Apparently, they received more care and affection than did most dogs kept by primitive peoples, who treated them as slaves rather than as companions. Not only did the dingo serve his masters by hunting for them, but he cleared their camps of refuse. In other words, the early aborigine and his dog had a good working relationship. However, by the time the white man came to Australia, the dingo had completely reverted to being a predator and scavenger.

Today, it is generally presumed that the dingo is vicious and untrustworthy, although in his domesticated state he has time and again proven himself friend to man. He is by nature an excellent hunting dog and was invaluable in hunting rabbits when the great extermination movements were underway in Australia.

Perhaps some day man will again make him part of the household. Certainly his superlative characteristics would go a long way towards improving some of the domesticated breeds.

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Rescue Dog Training

Written By: Teri Champigny - Apr• 11•12

Dog is man’s best friend for so many reasons, among them is the animal’s ability to be of great help during occasions of emergency. Like obedience training and agility training there are several principles from various types of dog training must be observed when considering rescue dog training.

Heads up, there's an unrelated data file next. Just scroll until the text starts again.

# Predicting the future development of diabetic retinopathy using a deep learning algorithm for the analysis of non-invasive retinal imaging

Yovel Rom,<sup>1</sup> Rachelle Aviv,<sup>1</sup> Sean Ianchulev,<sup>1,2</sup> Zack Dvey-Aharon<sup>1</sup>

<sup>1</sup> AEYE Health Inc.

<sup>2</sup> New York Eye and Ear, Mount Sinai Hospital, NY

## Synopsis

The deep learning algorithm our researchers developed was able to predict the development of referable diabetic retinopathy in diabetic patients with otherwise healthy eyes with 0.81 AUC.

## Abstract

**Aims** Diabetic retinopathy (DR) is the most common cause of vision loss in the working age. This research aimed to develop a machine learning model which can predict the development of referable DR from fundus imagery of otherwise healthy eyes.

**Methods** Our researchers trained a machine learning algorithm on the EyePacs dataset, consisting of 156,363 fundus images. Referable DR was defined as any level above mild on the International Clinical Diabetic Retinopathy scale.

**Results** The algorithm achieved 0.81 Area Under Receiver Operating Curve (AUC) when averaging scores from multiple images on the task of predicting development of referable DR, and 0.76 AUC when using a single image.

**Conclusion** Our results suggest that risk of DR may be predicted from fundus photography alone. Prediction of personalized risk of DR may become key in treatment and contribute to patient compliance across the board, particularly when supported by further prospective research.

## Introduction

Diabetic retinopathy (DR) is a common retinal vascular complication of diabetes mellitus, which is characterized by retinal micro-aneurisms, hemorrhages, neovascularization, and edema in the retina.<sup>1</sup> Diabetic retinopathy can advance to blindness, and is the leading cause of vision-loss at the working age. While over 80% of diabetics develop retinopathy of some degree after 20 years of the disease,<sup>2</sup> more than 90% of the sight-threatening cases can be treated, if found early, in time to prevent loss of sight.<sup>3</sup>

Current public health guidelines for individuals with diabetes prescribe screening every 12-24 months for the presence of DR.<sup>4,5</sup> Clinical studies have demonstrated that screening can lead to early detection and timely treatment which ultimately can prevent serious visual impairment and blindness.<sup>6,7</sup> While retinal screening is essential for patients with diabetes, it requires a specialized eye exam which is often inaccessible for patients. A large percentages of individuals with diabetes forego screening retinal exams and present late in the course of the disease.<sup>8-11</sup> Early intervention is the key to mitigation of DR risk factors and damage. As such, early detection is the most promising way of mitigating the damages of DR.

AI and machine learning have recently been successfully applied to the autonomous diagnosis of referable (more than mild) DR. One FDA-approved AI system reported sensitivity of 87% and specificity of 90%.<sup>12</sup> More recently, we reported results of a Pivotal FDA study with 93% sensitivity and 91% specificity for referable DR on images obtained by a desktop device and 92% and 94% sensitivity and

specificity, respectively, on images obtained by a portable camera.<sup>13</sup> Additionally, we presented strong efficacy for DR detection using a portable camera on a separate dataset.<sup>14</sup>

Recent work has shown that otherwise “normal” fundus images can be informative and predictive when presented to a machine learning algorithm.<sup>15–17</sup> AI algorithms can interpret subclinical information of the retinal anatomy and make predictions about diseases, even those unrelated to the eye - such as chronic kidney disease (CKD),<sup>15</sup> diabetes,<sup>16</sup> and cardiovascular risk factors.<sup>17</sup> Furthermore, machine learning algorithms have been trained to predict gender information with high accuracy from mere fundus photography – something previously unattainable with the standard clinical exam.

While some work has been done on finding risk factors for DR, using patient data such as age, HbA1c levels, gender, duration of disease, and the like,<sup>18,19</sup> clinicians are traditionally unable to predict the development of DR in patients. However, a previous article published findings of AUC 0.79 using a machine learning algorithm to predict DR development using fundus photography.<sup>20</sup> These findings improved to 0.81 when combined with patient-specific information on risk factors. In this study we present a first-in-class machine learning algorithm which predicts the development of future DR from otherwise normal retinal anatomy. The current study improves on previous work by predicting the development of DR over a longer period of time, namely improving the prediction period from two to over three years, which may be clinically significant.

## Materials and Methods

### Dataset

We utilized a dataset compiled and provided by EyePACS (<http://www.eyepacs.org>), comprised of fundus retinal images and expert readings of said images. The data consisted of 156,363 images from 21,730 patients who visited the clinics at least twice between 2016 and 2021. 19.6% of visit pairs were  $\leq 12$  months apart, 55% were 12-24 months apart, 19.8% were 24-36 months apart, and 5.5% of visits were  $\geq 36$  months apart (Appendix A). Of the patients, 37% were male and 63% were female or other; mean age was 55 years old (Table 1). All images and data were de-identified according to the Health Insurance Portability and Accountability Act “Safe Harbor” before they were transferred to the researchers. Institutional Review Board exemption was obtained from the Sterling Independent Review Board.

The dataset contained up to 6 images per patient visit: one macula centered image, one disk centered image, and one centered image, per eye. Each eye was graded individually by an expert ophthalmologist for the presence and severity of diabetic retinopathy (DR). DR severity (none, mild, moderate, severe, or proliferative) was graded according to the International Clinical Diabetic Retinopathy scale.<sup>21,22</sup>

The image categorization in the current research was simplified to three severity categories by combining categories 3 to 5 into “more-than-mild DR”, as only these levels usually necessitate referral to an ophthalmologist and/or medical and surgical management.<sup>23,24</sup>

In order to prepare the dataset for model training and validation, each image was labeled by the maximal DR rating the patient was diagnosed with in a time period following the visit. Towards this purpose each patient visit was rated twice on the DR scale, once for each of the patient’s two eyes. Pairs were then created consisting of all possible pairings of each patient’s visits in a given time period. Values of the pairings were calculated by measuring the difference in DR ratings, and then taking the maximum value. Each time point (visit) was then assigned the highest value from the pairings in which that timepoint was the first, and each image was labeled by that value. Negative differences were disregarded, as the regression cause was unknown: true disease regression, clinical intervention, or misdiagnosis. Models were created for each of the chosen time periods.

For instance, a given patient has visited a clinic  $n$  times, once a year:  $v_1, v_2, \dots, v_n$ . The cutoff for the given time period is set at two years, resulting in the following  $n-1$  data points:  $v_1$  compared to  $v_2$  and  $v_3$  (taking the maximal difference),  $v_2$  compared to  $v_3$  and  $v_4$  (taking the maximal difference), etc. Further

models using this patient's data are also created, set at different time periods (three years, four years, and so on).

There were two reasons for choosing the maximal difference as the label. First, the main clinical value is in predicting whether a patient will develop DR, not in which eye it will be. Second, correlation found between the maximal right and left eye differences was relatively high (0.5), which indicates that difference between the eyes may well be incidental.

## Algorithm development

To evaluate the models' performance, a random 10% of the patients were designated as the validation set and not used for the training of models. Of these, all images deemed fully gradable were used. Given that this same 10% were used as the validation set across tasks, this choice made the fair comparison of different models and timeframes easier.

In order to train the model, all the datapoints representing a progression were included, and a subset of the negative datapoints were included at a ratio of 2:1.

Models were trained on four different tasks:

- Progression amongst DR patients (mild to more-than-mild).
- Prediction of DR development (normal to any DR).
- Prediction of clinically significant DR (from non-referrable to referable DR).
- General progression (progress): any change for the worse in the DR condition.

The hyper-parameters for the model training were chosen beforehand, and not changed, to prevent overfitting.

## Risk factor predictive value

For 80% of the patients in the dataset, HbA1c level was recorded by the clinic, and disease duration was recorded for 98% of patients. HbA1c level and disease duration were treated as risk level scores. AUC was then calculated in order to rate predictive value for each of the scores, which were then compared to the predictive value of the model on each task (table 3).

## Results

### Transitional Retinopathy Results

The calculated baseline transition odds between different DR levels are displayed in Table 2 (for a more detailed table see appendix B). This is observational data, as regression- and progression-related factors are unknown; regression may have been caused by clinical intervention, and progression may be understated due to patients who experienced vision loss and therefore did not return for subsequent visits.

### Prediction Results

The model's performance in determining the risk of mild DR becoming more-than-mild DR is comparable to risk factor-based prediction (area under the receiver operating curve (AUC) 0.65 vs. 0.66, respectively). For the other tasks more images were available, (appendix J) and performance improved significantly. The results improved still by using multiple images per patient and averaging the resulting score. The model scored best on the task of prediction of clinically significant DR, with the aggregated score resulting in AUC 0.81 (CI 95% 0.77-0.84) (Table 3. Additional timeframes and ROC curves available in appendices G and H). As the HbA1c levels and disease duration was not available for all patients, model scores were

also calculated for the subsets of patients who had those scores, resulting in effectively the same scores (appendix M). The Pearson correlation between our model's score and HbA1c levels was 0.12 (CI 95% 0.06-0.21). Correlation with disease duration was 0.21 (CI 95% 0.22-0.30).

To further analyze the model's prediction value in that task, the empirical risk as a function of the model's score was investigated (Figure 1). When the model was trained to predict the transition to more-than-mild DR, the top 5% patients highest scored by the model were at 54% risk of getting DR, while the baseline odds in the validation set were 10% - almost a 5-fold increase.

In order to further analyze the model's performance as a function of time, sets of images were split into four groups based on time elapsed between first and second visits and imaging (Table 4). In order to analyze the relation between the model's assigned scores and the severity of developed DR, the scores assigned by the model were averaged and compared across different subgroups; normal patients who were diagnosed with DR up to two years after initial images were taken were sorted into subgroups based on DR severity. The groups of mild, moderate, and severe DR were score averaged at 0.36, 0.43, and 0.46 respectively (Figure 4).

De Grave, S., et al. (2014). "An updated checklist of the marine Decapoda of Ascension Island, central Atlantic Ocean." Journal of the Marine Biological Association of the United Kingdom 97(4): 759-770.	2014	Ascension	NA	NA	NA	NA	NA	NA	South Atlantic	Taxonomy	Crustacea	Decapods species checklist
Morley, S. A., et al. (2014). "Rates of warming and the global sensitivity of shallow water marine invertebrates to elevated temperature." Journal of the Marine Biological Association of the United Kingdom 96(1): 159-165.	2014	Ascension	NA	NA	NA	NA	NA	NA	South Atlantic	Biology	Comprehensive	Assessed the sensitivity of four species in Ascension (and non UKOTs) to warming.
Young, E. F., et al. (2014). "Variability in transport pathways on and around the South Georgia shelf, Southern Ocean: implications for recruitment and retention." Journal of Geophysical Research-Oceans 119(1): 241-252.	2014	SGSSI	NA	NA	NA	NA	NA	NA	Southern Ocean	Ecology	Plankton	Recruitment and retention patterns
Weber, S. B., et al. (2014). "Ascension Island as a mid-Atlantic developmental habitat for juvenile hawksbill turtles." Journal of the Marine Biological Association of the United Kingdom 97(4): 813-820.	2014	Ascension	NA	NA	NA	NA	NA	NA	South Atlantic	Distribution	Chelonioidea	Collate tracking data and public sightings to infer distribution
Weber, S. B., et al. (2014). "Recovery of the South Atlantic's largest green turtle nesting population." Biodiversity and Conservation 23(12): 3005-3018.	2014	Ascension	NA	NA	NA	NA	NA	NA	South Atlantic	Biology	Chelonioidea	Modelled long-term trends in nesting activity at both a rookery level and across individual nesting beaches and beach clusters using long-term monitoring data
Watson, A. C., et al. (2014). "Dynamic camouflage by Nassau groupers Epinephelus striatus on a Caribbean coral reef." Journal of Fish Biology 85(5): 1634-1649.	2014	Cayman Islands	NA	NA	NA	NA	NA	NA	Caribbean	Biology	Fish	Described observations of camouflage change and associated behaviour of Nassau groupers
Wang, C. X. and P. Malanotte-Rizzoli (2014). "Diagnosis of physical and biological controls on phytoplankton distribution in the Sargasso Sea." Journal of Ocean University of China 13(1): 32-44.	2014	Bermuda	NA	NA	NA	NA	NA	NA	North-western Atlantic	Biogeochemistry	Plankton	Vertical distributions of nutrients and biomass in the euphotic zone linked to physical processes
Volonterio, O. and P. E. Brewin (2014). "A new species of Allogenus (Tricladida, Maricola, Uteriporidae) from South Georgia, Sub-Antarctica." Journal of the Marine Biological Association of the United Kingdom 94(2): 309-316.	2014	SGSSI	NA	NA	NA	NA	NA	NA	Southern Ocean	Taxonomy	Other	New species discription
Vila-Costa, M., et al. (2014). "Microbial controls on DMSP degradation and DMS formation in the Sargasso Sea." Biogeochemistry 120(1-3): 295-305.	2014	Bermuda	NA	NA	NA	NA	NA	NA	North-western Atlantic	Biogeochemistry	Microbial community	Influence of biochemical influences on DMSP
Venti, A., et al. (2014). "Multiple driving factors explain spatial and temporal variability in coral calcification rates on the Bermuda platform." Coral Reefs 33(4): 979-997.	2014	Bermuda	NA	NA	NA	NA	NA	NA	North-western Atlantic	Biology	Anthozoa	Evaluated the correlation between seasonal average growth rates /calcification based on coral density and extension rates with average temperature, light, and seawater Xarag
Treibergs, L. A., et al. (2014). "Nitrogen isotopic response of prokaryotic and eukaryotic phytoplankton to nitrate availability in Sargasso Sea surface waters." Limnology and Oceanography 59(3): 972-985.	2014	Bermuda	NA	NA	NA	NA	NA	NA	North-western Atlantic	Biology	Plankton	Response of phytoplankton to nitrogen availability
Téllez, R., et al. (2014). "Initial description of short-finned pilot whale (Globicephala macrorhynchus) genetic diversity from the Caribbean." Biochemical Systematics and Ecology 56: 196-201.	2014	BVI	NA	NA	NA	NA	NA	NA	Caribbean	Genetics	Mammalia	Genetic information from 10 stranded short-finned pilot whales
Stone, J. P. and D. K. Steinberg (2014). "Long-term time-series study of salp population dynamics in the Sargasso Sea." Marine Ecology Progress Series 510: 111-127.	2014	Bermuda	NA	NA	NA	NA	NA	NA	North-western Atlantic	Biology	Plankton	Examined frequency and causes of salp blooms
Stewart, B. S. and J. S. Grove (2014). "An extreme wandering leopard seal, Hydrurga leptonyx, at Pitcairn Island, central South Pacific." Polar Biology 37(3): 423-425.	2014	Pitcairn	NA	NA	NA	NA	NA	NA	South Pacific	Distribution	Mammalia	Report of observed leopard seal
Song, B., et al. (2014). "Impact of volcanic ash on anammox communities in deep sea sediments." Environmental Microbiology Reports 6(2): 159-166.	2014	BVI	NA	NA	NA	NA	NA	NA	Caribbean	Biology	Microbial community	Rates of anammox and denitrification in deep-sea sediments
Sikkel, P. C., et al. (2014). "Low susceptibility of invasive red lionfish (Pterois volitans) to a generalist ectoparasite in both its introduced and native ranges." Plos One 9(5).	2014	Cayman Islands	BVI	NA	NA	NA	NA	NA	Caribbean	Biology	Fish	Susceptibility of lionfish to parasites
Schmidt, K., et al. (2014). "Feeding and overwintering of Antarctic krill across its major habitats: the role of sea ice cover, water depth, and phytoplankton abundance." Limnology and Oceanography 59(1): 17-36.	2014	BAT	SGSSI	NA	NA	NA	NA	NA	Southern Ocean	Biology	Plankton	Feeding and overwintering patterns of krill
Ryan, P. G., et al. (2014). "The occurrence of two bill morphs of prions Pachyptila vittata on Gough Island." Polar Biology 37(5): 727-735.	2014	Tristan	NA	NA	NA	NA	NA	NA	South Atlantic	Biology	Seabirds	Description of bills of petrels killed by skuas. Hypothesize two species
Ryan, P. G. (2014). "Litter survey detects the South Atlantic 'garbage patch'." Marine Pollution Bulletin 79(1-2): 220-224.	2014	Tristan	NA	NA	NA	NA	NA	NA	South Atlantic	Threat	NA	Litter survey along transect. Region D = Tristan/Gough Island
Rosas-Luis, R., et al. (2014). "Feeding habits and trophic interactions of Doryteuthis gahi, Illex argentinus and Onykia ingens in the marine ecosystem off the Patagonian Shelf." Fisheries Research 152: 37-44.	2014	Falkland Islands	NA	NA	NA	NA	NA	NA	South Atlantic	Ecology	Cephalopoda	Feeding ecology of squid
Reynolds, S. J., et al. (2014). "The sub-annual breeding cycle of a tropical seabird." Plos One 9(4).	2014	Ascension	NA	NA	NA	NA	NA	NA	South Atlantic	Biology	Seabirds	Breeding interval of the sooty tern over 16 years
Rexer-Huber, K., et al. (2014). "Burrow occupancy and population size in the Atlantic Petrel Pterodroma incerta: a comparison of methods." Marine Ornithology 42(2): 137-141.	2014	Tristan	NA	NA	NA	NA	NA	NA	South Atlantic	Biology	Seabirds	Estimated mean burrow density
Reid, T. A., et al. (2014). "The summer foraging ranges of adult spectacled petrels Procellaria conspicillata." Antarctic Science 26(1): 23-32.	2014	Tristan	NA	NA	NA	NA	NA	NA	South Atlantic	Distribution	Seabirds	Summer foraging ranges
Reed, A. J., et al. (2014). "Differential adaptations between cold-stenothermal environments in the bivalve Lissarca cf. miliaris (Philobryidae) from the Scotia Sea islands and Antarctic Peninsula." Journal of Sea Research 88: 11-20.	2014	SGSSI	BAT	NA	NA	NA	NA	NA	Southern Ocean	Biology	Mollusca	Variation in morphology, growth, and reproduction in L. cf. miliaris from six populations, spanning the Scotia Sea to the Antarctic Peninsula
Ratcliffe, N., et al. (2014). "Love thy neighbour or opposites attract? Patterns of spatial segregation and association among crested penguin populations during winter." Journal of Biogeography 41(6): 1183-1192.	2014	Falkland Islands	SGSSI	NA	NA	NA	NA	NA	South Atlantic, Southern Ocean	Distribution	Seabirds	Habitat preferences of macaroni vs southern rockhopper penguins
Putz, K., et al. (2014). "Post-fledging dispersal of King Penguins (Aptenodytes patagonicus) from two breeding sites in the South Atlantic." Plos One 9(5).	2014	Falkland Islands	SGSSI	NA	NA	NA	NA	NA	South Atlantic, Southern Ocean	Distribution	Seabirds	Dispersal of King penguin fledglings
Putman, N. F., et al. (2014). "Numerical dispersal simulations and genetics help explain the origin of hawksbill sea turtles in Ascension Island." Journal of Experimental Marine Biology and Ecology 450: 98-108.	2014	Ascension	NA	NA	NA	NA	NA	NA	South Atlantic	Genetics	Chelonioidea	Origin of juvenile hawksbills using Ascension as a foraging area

Rescue Dog

Obedience Training

Rescue dogs should be obedient at all times since any misbehavior could lead to defeating the purpose of rescuing. The practice of commands like heel, sit, come, stay, and jog exercises should be satisfactorily accomplished to help ensure the obedience of the dog to the handler and his commands.

Agility Training

Agility training is not only valuable for sports dog, it is also very useful for dogs that are intended for rescue works. In its basic sense, agility training helps develop the dog physically, allowing him to perform very difficult tasks that might also be encountered during rescue operations. With the aid of a good trainer, the dog should be able to negotiate a number of hurdles included in any agility training exercises.